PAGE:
W3C home > Mailing lists > Public > www-international@w3.org > April to June 1998

Ответ: RE> In which languages are PHONE and TEL ambiguous

From: Sergei N. Mouraviev <moretext@infopro.spb.su>
Date: Thu, 25 Jun 1998 20:17:10 +0400
Message-ID: <009701bda054$d34121c0$a1c87cc1@ppp0.yaroslavl.ru>
To: "Martin J. Duerst" <duerst@w3.org>
Cc: <www-international@w3.org>
Other languages (Russian):

Tel: is certainly used for Telephone (not sure about other Slavic languages).
TV is used for TV:-)

Again, virtually any abbreviation is ambiguous when it lacks context so we are
highly subjective in our (personal) judgments.

Sergei Mouraviev

-----Исходное сообщение-----
От: Martin J. Duerst <duerst@w3.org>
Кому: Mike Brenner <mfb@spectre.mitre.org>
Копия: www-international@w3.org <www-international@w3.org>
Дата: 25 июня 1998 г. 20:02
Тема: Re: RE> In which languages are PHONE and TEL ambiguous


>At 09:56 98/06/25 -0400, Mike Brenner wrote:
>>
>> Starting with English: TEL is quite ambiguous. We just started
>> connecting all the cable televisions in America to the Internet.
>> For forty dollars a month you can get a million bits per second
>> unlimited Internet access as well as a hundred cable channels on
>> the same wire. When the price gets cut down to twenty dollars, we
>> are all probably going to buy this service. TEL means more
>> TELEVISION than TELEPHONE in the United States.
>
>Just a few questions:
>
>Television starts with TEL, but does that mean that TEL is ambigous?
>How many English speakers are saying "Let's watch TEL." or "Let's TEL."?
>When we need an URI for television, there is a very obvious solution:
>TV. How many people would expect it to become something else?
>(well, maybe it's a bit short :-)
>
>
>
>> However, PHONE is not ambiguous in English speaking countries after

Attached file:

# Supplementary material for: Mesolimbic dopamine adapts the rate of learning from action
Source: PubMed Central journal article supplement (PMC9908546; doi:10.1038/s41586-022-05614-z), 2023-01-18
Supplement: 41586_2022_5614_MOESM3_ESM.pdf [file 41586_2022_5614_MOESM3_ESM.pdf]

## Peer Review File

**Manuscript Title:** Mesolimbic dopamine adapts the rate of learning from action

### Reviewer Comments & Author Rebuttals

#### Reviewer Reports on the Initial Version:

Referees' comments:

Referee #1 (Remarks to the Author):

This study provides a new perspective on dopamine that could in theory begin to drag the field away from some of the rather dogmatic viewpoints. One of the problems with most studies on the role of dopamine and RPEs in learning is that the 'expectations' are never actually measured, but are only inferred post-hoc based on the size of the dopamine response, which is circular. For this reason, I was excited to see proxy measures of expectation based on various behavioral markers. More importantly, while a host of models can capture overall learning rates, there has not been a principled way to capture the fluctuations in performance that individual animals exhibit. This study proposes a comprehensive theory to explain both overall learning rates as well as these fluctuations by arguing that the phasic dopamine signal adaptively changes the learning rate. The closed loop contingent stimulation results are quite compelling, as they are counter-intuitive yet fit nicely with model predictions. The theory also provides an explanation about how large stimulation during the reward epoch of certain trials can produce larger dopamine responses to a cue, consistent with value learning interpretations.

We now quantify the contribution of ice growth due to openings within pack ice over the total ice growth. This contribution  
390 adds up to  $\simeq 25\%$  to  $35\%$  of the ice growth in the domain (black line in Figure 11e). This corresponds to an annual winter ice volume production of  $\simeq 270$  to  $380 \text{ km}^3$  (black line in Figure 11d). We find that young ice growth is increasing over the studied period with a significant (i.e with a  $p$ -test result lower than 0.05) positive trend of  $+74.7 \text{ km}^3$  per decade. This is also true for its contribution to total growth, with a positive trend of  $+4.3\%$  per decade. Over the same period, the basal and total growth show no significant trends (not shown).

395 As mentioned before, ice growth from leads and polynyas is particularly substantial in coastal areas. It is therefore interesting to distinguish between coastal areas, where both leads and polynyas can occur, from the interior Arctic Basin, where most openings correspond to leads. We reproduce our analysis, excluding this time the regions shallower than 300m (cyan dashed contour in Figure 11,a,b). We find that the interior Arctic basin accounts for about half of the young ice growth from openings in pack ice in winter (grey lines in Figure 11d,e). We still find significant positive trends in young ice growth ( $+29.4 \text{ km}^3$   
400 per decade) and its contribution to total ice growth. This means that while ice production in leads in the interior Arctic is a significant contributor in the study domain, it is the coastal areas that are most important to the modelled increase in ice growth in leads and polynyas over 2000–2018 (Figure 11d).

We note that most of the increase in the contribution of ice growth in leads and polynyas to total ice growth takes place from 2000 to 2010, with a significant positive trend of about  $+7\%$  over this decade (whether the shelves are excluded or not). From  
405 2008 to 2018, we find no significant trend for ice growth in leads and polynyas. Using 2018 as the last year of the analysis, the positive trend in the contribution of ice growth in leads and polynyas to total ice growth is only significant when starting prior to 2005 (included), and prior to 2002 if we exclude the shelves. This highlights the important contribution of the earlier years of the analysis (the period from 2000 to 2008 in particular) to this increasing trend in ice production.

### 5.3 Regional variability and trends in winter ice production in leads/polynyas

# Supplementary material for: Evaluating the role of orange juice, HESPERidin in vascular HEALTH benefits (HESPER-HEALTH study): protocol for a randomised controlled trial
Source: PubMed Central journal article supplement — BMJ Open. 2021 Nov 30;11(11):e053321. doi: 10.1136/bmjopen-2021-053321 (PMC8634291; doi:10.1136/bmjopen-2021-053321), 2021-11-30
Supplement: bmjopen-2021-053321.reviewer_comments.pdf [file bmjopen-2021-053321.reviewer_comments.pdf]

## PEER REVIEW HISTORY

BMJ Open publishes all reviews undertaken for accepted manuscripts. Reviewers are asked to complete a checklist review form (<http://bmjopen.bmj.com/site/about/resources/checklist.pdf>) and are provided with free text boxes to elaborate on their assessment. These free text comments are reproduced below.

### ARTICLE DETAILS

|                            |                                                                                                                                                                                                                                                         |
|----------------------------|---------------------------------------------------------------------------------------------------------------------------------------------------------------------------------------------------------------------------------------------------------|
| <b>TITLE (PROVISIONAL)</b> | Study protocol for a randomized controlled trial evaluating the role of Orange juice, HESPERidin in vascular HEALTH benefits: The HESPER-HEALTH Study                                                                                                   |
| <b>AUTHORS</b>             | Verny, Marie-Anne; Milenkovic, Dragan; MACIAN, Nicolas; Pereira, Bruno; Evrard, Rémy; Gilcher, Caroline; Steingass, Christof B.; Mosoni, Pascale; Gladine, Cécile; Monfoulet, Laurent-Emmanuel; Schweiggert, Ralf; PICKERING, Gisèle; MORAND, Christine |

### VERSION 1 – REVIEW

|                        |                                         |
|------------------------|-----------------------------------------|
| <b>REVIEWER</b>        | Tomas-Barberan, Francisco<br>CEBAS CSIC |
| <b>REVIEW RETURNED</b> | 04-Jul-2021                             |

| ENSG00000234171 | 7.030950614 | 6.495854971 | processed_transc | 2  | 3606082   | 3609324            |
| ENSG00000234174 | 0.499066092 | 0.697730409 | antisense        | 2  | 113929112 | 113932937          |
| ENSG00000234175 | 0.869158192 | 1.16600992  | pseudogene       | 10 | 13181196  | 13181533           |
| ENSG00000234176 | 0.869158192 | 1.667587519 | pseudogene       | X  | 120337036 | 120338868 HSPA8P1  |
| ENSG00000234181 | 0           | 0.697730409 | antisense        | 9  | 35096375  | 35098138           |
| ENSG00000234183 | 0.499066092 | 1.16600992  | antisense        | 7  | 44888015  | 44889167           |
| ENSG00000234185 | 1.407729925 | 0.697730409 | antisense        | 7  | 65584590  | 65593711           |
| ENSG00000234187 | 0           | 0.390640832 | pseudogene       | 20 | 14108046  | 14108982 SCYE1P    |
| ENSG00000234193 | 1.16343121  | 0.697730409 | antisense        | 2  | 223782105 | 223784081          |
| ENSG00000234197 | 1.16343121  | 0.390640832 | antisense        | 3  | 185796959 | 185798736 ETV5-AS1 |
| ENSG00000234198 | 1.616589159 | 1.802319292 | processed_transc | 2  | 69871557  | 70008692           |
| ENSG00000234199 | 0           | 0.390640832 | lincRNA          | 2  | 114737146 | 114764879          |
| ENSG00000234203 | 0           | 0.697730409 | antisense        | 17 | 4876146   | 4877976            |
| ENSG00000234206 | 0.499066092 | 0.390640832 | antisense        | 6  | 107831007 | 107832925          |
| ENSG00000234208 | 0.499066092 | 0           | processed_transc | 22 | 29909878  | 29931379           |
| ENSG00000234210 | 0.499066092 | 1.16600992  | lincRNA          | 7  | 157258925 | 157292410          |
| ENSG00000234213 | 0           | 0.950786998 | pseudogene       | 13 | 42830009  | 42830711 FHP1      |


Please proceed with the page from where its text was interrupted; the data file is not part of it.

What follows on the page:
>> the dialect was standardized by the movie ET in which the Extra-Terrestrial
>> says the famous line: ET Phone Home.
>
>How many people have seen that movie? That sentence may have been very
>impressive to people who watched it, but not to others.
>How was that translated into other languages? How is it written in other
>languages?
>
>And how many of the namecards you have from English-speaking
>aquaintances and friends use:
>Tel?
>Phone?
>Something else?
>Nothing?
>
>And how would that be for namecards from non-English-speaking
>countries? Would really be interesting to see such statistics.
>Unfortunately, I'm traveling currently, so my own collection
>of Tel 1 and phone 1 for English-speaking countries, and
>several Tel and no phone for the others, is to small for
>a representative sample.
>
>
>> ----------------------------------------------------------------
>>
>> Here is a question: how would having a PHONE:
>> distinguish between locally sending tones out of a locally
>> connected modem versus requesting an external service from
>> a service provider?
>
>The same problem appears for internet access via the TV infrastructure.
>As it currently goes, a machine automatically (or semi-automatically
>in some cases) decides whether it should send out some tones to
>the modem even for an http: or ftp: URI. I don't think we want to
>get away from that convenience. The classical use of the "TEL" URI
>is to put it on your home page, somebody clicks it, and is calling
>you (you might want to be very careful with putting that on your page :-).
>There may of course be other uses.
>
>In parallel, the use of a "TV" URI will address a particular program
>channel, or whatever. It should in the end (with lots of bandwith)
>not have anything to do with whether you get it over a local cable
>network or something else.
>
>
>Regards,    Martin.
>
>
Received on Thursday, 25 June 1998 12:22:17 GMT

This archive was generated by hypermail 2.2.0+W3C-0.50 : Tuesday, 2 June 2009 19:16:52 GMT